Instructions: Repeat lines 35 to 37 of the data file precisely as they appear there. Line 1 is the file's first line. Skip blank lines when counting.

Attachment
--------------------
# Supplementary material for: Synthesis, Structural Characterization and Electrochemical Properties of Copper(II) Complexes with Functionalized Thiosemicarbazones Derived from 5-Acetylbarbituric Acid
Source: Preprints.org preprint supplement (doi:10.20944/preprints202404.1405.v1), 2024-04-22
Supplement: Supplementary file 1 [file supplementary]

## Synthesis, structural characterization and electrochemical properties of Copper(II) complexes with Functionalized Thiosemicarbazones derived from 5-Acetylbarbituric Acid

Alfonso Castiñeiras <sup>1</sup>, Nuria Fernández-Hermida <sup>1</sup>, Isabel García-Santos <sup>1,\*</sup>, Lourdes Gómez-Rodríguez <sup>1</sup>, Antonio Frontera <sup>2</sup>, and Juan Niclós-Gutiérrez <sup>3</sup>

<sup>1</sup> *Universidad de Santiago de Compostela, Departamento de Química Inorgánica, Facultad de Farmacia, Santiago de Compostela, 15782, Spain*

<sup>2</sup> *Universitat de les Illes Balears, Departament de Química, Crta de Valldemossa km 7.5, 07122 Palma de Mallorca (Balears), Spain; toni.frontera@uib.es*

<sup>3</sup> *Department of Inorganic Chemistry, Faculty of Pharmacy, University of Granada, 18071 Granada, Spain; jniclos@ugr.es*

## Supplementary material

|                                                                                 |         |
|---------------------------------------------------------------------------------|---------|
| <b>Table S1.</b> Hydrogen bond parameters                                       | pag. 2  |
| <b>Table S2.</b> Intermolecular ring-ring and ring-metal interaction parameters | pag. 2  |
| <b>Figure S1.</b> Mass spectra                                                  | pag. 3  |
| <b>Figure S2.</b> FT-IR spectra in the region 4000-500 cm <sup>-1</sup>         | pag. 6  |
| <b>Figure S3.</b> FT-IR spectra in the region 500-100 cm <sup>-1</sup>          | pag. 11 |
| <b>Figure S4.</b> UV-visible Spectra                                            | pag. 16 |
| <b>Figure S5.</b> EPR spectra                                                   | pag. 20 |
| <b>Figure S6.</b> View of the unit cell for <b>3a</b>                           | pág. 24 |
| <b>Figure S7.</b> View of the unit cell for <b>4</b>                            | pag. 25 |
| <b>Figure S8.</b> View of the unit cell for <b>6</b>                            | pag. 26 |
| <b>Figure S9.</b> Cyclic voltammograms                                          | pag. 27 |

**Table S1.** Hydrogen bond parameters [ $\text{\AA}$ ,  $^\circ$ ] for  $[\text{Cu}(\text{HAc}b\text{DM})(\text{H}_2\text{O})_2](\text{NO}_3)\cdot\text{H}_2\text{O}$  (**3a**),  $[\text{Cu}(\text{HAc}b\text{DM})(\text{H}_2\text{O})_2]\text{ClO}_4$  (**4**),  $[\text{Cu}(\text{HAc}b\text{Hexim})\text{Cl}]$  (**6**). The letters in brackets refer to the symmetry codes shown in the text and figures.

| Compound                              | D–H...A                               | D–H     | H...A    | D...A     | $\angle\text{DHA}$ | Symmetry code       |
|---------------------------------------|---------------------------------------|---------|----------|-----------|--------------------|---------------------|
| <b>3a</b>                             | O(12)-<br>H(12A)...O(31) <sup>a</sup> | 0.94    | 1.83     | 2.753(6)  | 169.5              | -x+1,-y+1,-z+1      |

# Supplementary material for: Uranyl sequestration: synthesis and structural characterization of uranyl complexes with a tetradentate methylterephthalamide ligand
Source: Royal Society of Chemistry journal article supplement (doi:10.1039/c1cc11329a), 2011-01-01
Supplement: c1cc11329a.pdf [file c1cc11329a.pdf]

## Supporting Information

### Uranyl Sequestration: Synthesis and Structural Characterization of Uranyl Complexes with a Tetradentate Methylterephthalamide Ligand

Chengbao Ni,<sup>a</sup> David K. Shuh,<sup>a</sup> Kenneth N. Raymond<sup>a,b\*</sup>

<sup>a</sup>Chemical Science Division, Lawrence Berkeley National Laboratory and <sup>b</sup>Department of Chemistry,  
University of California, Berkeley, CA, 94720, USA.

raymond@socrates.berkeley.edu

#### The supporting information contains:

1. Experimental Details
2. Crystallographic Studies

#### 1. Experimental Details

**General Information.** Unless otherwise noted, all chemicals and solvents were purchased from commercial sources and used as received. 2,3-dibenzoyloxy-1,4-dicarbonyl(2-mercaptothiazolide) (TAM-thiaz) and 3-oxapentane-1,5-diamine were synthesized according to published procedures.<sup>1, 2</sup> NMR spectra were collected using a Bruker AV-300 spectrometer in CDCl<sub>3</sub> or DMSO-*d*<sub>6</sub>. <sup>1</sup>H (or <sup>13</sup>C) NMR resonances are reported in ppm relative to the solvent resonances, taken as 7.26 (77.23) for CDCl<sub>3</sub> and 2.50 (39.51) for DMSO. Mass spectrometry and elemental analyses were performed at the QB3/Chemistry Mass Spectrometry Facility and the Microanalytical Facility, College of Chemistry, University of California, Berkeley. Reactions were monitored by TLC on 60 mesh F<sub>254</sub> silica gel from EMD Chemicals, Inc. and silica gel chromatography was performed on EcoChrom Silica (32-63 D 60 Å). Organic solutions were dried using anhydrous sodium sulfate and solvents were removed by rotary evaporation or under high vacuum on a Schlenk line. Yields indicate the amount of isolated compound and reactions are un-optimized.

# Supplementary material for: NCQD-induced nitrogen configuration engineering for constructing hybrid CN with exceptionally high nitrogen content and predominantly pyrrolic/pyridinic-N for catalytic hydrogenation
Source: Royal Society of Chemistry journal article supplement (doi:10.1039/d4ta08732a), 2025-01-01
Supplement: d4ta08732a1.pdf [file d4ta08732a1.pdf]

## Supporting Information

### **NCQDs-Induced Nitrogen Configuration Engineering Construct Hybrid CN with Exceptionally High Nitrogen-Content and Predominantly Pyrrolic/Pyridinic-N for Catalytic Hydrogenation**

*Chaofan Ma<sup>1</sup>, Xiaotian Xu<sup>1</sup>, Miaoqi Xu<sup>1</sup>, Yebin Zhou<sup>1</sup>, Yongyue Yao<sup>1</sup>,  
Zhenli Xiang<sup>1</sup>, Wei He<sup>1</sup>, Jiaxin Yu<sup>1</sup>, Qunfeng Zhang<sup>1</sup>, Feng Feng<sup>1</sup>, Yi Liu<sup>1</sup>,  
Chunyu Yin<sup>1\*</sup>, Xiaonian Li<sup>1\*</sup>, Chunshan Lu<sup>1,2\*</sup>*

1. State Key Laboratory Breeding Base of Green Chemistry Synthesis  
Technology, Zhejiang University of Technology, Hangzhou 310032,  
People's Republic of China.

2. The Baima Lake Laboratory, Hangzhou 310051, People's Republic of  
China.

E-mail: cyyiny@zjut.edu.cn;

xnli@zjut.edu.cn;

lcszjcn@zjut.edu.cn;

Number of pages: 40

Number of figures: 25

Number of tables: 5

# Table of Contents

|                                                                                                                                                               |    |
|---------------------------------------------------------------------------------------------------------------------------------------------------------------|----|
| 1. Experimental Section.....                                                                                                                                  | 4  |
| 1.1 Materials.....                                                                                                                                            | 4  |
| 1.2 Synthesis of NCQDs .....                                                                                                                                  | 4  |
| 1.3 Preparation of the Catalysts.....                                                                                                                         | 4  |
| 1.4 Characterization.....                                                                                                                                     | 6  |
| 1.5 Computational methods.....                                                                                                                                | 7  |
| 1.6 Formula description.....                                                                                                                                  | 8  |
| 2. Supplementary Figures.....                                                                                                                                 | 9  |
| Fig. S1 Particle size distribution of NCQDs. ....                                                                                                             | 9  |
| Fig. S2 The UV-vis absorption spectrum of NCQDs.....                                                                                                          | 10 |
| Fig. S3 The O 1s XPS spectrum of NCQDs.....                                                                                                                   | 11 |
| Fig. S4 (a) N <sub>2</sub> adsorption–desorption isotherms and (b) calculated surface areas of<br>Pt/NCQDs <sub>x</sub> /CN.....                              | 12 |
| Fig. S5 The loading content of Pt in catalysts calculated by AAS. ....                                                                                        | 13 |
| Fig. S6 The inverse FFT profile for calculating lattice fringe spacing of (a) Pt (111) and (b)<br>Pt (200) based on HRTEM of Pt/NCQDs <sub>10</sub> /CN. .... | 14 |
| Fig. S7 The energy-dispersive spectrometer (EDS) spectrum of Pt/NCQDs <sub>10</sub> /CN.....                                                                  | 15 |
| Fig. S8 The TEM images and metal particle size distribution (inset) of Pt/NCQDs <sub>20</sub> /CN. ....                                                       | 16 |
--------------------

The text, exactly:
raymond@socrates.berkeley.edu

#### The supporting information contains:

1. Experimental Details